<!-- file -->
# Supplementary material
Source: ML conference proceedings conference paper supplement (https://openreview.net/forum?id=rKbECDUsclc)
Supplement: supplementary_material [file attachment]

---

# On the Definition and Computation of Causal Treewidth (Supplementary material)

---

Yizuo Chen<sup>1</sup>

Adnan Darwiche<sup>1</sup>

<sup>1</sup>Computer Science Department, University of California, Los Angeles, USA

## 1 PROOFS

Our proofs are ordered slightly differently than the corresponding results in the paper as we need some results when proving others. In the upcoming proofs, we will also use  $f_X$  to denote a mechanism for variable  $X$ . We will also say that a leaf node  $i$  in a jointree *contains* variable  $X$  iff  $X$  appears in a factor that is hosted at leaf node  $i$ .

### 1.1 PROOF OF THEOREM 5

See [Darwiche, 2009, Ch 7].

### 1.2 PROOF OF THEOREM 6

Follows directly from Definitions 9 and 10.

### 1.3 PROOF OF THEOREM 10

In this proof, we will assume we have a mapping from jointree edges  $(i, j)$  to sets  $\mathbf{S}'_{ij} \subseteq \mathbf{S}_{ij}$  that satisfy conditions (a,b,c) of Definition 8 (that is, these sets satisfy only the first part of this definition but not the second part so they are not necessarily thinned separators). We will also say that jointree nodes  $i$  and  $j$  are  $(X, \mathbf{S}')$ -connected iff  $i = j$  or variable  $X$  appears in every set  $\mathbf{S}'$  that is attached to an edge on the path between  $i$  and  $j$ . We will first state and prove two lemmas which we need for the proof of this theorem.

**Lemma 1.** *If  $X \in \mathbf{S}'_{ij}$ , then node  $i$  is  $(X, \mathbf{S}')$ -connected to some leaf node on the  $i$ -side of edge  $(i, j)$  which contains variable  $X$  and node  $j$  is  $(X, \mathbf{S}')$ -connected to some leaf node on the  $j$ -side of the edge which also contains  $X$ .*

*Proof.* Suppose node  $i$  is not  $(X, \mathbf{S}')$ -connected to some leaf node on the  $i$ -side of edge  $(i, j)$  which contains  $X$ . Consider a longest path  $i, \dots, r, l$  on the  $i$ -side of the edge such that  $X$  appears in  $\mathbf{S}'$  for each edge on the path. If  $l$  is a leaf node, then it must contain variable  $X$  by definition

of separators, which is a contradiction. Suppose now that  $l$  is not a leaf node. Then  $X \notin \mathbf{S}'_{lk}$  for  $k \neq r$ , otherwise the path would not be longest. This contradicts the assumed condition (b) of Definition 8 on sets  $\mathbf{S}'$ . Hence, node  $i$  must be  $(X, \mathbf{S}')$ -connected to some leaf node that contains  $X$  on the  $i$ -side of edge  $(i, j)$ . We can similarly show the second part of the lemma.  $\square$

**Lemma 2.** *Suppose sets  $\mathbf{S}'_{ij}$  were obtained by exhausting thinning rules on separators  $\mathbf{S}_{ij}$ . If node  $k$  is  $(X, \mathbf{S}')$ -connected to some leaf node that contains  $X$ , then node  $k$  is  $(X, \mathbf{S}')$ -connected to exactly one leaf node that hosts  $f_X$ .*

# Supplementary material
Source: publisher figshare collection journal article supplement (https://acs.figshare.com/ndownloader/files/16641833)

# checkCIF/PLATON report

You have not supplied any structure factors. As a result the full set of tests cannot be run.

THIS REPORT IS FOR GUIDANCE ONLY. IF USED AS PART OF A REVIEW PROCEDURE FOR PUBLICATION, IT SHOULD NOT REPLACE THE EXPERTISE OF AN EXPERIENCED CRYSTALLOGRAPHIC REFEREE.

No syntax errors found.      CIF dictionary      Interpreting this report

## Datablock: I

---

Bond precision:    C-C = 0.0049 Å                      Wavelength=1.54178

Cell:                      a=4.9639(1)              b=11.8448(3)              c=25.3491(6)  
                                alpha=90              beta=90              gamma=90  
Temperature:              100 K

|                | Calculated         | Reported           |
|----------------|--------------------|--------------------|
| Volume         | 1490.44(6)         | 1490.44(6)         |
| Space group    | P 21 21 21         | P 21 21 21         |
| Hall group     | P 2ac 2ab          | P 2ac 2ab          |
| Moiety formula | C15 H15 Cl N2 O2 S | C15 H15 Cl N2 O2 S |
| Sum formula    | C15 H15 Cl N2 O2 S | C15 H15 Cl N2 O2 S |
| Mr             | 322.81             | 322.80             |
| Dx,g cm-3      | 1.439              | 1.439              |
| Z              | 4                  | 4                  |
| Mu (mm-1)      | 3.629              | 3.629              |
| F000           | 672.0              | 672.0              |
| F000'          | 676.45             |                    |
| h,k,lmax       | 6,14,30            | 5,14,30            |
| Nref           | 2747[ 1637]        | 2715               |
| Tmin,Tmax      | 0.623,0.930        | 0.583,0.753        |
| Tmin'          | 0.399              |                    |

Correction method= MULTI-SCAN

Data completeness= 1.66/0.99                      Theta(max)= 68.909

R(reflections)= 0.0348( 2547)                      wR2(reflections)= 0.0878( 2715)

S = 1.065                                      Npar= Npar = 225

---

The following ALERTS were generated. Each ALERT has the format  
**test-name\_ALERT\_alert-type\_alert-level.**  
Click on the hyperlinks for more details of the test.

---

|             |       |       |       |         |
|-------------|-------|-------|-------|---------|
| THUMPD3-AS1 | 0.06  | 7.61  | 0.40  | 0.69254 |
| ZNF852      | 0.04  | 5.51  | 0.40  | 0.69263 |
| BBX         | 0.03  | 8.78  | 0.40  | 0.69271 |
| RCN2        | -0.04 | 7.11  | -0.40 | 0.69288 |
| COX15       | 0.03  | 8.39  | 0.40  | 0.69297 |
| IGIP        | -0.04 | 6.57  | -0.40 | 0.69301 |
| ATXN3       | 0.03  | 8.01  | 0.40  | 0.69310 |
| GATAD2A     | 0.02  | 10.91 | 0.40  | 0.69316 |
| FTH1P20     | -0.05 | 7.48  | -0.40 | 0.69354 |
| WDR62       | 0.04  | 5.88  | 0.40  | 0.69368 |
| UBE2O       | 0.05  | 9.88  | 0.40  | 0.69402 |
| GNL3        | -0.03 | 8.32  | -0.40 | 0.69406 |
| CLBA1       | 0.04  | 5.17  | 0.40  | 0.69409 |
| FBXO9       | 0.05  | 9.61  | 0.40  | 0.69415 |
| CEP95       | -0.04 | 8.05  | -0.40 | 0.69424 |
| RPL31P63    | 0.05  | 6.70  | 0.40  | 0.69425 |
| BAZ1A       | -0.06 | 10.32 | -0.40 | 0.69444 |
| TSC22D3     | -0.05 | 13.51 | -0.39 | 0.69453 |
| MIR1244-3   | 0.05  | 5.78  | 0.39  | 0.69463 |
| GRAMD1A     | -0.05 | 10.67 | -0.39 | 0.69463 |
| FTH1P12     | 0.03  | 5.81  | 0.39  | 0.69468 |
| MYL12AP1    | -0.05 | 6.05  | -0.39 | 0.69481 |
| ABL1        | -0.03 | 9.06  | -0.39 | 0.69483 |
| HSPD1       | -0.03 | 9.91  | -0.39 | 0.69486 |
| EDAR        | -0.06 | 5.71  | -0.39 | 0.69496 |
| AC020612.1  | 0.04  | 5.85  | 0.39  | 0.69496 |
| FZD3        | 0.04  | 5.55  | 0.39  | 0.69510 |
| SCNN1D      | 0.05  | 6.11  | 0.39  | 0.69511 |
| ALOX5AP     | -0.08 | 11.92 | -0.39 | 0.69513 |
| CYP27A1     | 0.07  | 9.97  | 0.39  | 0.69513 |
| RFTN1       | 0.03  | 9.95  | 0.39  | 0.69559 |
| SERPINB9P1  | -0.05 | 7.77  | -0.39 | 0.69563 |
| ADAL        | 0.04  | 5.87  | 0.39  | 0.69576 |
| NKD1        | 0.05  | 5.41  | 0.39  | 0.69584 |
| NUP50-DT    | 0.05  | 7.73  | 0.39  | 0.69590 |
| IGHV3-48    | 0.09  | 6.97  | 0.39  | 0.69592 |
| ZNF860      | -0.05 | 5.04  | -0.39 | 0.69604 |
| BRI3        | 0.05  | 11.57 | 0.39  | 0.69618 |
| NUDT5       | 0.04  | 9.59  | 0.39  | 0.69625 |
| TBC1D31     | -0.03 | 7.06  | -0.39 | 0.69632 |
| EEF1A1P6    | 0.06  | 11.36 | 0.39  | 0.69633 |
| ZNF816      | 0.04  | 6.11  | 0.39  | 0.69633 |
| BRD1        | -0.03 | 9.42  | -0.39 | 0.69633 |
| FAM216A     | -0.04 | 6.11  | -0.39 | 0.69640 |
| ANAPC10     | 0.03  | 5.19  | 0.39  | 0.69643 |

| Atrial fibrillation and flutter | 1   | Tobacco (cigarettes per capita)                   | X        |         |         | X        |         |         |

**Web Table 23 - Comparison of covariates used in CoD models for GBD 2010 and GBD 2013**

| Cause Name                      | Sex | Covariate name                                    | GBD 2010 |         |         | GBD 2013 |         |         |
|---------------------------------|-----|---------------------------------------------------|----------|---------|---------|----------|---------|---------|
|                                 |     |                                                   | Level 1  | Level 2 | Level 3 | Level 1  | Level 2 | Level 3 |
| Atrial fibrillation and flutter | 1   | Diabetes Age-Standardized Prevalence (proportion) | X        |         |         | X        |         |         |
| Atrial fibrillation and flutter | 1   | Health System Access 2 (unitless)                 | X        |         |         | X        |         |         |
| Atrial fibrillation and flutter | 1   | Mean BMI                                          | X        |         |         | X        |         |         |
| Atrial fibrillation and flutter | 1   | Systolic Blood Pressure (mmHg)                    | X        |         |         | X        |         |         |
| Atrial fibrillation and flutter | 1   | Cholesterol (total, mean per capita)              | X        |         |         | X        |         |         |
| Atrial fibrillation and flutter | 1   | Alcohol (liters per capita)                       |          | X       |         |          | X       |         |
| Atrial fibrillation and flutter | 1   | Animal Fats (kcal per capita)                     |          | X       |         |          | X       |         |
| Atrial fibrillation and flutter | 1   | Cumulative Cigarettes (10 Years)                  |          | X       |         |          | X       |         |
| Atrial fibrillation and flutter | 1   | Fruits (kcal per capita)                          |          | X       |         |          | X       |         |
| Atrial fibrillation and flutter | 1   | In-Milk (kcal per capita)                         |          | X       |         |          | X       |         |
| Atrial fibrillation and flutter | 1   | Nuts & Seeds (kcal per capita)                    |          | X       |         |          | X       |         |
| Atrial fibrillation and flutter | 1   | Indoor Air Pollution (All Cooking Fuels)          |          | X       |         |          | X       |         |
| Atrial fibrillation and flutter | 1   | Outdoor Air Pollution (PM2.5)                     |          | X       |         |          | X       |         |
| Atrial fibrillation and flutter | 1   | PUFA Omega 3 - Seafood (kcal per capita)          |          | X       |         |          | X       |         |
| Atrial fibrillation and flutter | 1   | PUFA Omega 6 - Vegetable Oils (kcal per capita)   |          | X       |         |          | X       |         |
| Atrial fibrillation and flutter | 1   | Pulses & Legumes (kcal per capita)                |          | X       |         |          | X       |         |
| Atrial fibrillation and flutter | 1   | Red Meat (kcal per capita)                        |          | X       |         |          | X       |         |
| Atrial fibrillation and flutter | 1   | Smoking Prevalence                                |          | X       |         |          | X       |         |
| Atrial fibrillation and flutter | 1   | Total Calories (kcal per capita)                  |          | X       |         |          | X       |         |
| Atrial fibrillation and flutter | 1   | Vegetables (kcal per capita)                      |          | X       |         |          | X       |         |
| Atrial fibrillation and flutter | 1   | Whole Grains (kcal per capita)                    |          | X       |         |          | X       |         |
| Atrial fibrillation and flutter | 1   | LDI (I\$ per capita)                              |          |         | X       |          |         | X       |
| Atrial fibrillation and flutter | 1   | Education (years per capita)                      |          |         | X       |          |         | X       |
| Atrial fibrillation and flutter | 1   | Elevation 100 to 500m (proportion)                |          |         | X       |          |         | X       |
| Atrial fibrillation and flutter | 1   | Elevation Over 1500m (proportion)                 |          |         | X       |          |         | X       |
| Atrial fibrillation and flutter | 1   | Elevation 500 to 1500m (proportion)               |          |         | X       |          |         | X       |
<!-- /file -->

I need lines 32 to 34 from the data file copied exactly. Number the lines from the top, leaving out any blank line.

                                alpha=90              beta=90              gamma=90  
Temperature:              100 K

|                | Calculated         | Reported           |